Where were you a year ago? Were you better off? Worse off? In a different city, a different country? Not yet in a relationship, about to be a parent, learning you had to say goodbye to someone who is now gone? Just setting out on a journey, or just returning?
Change happens daily, hourly, yet the magnitude of it lies in wait like a song slowly rising to a crescendo. Then, as the year ends, it hits a high note, and you think, “Where did THAT come from?” I look back over the last ~364.25 days at and see so many differences from the year before it’s hard to pick out the individual changes. Like the notes in a song, they all blur together. Some phrases do stand out, however: new themes, transitions, sudden changes in rhythm and tempo, and, of course, the surprise endings.
Surprise! Someone I’ve known since she was a tiny baby went to college – on a full scholarship, no less. Way to go Clare! Your self-described mission is to end human trafficking. 18 years ago, when you were born, I was the age you are today, and not nearly as directed. You’ll make the world a better place, I know. Speaking of born, three fresh-baked humans joined my fold this year. This is a big deal, particularly in a group like mine that doesn’t make new people all that often. You three are the children of doctors and engineers. Your parents and we, their friends, will see to it that you have the best of everything. The world is already a better place because you are in it.
18 years ago, where was I? Funny enough, working on Mars Suit design at UC Berkeley. I was in excellent company, and I still know many people from that epoch of space-time. The fact that we’re still working on Mars suit design, a generation later, should say something about the scale of these endeavors.
Rome wasn’t built in a day, and these days, we don’t colonize planets in a decade or two. The pace at which we’re going interplanetary seems exasperatingly slow at times. We haven’t dedicated ourselves to interplanetary travel in a way that’s forced innovation’s hand. For better and worse, we’ve had other ambitions. The even greater truth – the one that keeps me going 18 years later – is the abundant evidence that we are capable of tipping the scales of creation towards almost any end, including colonizing another planet. Since I graduated from college, radical technological acceleration has occurred in places that matter to people in their daily lives: smart phones, smart cars, touch-screen tablets, 128 GB SD cards in 250 megapixel cameras, reusable orbital rockets, hollow organs grown in labs, with solid organs coming up behind them. I look at our suit design and think, “If you were a consumer item, you would have been built yesterday.”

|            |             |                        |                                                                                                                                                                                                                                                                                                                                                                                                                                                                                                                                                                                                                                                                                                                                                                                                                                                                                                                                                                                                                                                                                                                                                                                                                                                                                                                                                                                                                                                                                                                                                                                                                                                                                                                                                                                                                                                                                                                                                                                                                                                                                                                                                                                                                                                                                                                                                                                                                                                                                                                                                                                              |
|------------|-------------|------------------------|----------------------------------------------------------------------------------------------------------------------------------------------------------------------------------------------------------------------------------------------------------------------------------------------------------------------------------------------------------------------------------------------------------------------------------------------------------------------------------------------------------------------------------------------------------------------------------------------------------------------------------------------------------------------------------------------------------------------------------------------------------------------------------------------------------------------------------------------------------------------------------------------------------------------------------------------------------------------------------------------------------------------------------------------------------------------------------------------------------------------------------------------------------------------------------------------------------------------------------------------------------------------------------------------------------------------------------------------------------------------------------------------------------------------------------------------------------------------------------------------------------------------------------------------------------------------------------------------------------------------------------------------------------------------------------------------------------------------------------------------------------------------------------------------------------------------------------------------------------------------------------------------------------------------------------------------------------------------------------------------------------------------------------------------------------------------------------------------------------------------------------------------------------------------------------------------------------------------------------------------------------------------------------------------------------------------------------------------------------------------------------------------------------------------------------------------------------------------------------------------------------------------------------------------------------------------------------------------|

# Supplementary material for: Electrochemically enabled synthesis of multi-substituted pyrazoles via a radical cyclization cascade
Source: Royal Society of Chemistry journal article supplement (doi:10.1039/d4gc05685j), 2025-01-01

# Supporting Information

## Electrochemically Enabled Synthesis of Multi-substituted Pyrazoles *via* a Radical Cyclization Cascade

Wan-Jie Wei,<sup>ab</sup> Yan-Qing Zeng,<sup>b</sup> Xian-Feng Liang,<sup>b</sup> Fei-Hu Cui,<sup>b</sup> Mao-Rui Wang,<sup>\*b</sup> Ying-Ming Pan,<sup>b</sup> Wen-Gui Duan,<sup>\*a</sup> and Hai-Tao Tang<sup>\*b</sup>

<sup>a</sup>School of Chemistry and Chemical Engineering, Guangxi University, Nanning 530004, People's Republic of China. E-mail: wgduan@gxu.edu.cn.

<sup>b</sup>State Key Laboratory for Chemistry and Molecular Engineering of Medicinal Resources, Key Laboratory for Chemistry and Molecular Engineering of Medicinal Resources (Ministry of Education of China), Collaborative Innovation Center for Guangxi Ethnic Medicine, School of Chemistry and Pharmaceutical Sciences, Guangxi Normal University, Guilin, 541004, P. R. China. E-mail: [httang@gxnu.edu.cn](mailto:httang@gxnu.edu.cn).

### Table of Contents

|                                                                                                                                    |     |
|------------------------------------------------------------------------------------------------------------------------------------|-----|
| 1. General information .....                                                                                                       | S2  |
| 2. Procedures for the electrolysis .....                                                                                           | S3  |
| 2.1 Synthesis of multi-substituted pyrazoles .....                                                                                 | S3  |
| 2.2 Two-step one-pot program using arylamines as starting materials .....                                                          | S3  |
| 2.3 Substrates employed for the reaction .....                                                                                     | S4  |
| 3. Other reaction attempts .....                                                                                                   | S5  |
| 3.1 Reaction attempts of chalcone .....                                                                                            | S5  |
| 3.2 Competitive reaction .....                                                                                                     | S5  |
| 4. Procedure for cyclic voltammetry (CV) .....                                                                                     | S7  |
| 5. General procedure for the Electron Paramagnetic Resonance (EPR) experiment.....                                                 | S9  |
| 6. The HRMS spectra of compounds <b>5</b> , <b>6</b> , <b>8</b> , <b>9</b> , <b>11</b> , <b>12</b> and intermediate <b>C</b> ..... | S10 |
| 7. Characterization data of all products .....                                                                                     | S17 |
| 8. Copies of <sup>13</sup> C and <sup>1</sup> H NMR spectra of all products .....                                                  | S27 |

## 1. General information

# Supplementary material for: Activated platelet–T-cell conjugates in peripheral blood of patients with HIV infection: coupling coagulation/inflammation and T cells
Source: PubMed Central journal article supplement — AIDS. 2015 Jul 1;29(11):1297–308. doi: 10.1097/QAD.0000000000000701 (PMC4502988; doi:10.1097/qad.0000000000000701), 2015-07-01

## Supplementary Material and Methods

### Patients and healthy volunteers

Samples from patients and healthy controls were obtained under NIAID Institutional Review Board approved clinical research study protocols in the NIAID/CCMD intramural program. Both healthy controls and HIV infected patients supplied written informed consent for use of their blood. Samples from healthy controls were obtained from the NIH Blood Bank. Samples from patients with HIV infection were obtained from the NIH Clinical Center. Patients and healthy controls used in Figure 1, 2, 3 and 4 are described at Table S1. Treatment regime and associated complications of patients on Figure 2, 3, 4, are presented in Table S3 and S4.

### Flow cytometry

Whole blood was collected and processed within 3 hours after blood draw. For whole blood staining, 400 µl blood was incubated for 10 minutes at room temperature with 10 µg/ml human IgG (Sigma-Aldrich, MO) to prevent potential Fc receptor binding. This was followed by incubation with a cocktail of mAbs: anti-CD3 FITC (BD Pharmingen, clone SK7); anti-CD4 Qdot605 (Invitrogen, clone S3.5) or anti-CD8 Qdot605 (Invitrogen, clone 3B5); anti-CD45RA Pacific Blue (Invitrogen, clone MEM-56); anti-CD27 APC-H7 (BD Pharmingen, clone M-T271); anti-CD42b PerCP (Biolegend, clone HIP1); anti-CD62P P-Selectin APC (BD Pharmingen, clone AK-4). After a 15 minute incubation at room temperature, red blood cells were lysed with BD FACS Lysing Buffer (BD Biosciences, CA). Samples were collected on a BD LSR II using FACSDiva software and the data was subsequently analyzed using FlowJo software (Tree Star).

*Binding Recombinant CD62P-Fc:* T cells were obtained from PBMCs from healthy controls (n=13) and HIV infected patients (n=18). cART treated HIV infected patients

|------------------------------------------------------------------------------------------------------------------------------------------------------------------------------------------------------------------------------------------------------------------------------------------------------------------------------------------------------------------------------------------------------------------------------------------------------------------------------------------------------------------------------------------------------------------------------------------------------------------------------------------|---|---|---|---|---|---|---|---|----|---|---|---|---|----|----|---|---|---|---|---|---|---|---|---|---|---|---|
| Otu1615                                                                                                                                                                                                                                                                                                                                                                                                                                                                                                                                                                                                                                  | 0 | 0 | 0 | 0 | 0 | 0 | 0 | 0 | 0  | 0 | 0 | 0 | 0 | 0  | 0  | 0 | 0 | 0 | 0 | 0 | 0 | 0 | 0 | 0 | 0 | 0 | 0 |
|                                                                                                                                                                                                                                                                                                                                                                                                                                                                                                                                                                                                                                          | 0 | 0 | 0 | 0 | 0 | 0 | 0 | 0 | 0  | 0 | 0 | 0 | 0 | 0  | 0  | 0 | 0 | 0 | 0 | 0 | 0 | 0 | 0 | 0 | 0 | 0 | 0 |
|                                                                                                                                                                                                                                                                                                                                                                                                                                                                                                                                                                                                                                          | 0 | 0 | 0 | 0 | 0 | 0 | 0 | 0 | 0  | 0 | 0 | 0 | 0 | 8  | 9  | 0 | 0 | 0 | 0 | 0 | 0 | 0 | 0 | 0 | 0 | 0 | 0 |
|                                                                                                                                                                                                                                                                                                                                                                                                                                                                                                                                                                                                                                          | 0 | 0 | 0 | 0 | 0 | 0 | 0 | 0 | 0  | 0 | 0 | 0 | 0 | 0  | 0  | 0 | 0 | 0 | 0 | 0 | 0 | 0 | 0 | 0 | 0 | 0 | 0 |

Similarly, I look at Mars and think: if we wanted to be there, we would be there. It’s not that easy, but in many ways it is that simple. Will breeds resources like money and manpower, which have been lacking in the scale required to launch a manned mission. After decades of lukewarm warm-ups and false-starts, it feels as though the will to make this interplanetary masterpiece a reality is rising, becoming palpable, and preparing to make its grand debut. It feels good. Whatever else space travel is – a Herculean labor, a implacable challenge, a conundrum, an immense investment at all levels – the ongoing attempt to become interplanetary is authentically human. It has always sounded like us.